This is the latest in a string of Haas real estate wins. This week, another Haas team won the NAIOP San Francisco Bay Area Real Estate Challenge, dubbed the “Golden Shovel” competition, for the second year in a row. In December, a Haas team took the top prize at the University of Texas McCombs’ National Real Estate Case Challenge.

Prof. Nancy Wallace wins prestigious Berkeley service award

Prof. Nancy Wallace has been honored with UC Berkeley’s prestigious 2019 Berkeley Faculty Service Award for making a lasting and significant impact—particularly by helping the campus navigate complex financial and real estate issues.

The award is bestowed by the Berkeley Division of the Academic Senate on faculty whose “outstanding and dedicated service to the campus, and whose activities as a faculty member have significantly enhanced the quality of the campus as an educational institution and community of scholars.”

Berkeley Haas Prof. Nancy Wallace
Prof. Nancy Wallace

Wallace, the Lisle and Roslyn Payne Chair in Real Estate Capital Markets and chair of the Haas Real Estate Group, shares the honor this year with Spanish Prof. Ignacio Navarrete of the Department of Spanish and Portuguese.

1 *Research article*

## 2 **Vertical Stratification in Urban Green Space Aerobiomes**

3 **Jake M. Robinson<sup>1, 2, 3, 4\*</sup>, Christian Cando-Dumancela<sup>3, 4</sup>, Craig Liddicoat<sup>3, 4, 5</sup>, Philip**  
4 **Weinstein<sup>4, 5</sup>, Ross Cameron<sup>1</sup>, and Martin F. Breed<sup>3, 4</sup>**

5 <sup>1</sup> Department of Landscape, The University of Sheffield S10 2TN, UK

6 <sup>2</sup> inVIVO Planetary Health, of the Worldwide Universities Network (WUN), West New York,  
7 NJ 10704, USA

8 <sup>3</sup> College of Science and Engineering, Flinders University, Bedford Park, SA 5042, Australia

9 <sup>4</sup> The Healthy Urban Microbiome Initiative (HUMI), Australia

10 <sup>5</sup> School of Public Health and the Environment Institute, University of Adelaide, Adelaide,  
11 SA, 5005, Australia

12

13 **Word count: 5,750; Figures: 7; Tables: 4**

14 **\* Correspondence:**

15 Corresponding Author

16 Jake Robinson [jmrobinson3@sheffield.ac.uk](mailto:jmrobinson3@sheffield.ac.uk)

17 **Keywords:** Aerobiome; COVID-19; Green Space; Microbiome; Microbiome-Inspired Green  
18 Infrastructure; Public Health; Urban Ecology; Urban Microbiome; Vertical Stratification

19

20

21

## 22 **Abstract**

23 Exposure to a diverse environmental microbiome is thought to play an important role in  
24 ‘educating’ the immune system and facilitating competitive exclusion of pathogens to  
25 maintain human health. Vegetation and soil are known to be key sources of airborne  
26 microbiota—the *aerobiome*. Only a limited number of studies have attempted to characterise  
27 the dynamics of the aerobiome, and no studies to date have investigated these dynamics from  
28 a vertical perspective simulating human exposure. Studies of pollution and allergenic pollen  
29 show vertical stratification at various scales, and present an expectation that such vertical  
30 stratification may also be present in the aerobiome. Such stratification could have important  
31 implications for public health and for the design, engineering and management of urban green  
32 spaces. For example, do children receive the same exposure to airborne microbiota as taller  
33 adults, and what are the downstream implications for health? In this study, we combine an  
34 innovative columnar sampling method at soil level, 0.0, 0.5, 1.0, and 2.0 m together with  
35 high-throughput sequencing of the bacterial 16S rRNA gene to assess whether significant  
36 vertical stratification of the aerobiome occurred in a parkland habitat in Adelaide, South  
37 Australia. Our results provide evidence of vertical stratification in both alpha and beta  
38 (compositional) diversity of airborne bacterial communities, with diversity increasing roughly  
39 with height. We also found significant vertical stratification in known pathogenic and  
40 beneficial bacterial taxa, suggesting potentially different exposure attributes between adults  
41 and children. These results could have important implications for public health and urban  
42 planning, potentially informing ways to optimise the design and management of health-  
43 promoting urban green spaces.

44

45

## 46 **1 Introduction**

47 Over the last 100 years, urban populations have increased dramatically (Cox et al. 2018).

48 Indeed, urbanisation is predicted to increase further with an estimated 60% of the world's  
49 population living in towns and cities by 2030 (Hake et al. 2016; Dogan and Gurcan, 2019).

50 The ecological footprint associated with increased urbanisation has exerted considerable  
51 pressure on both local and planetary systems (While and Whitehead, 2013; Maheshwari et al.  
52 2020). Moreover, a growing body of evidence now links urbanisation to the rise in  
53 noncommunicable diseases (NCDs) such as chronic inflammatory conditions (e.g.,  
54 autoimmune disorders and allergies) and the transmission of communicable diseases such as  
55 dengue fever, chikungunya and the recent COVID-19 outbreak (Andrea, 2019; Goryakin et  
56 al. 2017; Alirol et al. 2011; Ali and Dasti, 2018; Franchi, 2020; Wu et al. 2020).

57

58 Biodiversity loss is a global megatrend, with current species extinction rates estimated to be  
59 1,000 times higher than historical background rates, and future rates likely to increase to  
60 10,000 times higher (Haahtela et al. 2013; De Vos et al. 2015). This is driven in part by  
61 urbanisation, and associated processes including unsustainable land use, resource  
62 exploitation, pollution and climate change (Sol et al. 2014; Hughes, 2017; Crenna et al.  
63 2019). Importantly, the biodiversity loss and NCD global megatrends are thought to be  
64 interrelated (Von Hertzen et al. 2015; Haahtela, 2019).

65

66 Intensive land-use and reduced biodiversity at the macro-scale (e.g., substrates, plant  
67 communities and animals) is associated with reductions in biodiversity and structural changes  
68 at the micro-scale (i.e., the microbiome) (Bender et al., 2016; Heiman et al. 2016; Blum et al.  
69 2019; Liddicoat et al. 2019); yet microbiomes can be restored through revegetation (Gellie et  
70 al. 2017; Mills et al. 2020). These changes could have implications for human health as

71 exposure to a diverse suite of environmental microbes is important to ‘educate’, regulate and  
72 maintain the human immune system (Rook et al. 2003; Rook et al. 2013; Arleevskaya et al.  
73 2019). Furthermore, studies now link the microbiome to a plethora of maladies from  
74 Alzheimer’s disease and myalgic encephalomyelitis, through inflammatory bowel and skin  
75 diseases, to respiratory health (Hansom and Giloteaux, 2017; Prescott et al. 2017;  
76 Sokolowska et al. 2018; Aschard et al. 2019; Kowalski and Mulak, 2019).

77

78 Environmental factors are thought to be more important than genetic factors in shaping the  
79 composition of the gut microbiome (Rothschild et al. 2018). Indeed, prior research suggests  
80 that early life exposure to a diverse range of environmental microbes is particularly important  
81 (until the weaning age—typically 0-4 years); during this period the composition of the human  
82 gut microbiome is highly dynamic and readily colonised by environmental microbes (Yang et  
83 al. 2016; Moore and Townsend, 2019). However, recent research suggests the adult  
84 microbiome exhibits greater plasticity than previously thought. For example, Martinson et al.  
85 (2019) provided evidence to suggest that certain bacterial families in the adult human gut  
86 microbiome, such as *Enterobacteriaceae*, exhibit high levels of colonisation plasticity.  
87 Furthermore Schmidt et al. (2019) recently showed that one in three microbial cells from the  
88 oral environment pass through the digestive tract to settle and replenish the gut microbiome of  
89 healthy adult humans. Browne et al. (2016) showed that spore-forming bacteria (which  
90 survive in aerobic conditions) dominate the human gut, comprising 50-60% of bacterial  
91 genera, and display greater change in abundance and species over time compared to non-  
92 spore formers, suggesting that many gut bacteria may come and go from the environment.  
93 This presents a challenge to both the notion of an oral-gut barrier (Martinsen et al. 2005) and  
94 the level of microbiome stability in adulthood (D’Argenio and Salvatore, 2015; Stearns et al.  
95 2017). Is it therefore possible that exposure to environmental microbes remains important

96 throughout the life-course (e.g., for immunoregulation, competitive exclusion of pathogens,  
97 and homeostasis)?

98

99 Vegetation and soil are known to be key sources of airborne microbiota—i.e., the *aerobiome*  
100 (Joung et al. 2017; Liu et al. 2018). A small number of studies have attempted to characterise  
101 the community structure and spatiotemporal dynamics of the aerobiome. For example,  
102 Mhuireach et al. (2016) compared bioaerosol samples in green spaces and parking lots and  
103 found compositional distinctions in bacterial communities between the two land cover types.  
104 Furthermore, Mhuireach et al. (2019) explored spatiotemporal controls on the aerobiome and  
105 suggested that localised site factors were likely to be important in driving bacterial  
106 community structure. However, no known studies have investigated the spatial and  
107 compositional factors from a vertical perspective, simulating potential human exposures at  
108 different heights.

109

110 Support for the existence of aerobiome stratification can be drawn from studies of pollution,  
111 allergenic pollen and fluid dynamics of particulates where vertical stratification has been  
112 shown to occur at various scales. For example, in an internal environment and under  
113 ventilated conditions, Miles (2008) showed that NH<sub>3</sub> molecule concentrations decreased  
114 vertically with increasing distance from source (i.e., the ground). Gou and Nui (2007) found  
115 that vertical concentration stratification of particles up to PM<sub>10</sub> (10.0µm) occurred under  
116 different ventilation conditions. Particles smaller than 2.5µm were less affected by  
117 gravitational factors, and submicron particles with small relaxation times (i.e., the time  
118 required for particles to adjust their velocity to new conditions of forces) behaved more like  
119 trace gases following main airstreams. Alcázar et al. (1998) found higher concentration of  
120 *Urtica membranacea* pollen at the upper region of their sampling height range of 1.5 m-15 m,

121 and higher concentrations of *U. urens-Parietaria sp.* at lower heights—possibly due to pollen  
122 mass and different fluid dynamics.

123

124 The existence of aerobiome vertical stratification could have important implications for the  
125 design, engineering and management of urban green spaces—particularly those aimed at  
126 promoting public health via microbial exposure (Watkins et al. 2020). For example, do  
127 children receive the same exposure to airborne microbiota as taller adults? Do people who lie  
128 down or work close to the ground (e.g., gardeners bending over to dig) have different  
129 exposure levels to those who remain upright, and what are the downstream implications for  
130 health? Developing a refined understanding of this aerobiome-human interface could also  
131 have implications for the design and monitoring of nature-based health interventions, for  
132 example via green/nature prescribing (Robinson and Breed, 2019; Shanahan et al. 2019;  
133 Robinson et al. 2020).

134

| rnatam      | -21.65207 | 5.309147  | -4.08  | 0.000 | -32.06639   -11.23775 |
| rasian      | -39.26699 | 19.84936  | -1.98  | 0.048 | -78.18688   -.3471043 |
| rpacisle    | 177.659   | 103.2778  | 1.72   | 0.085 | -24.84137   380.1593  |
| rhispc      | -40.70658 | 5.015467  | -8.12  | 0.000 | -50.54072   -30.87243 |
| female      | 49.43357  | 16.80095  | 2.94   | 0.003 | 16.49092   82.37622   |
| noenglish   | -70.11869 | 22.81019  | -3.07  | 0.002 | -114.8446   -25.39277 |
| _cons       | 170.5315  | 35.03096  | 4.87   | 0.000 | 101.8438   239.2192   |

“During the past 10 years, Nancy has devoted extraordinary time and energy to the campus’s day-to-day well-being,” wrote Anthony Long, chair of the Academic Senate’s Committee on Faculty Awards and an emeritus professor of classics and literature.

Wallace, a prominent expert on the residential mortgage market, mortgage-related securities, and pricing models, helped the campus with a “series of onerous financial issues,” including the budget for intercollegiate athletics, advising on strategic banking relationships, and a sustainable funding model for the Lower Sproul Plaza redevelopment project.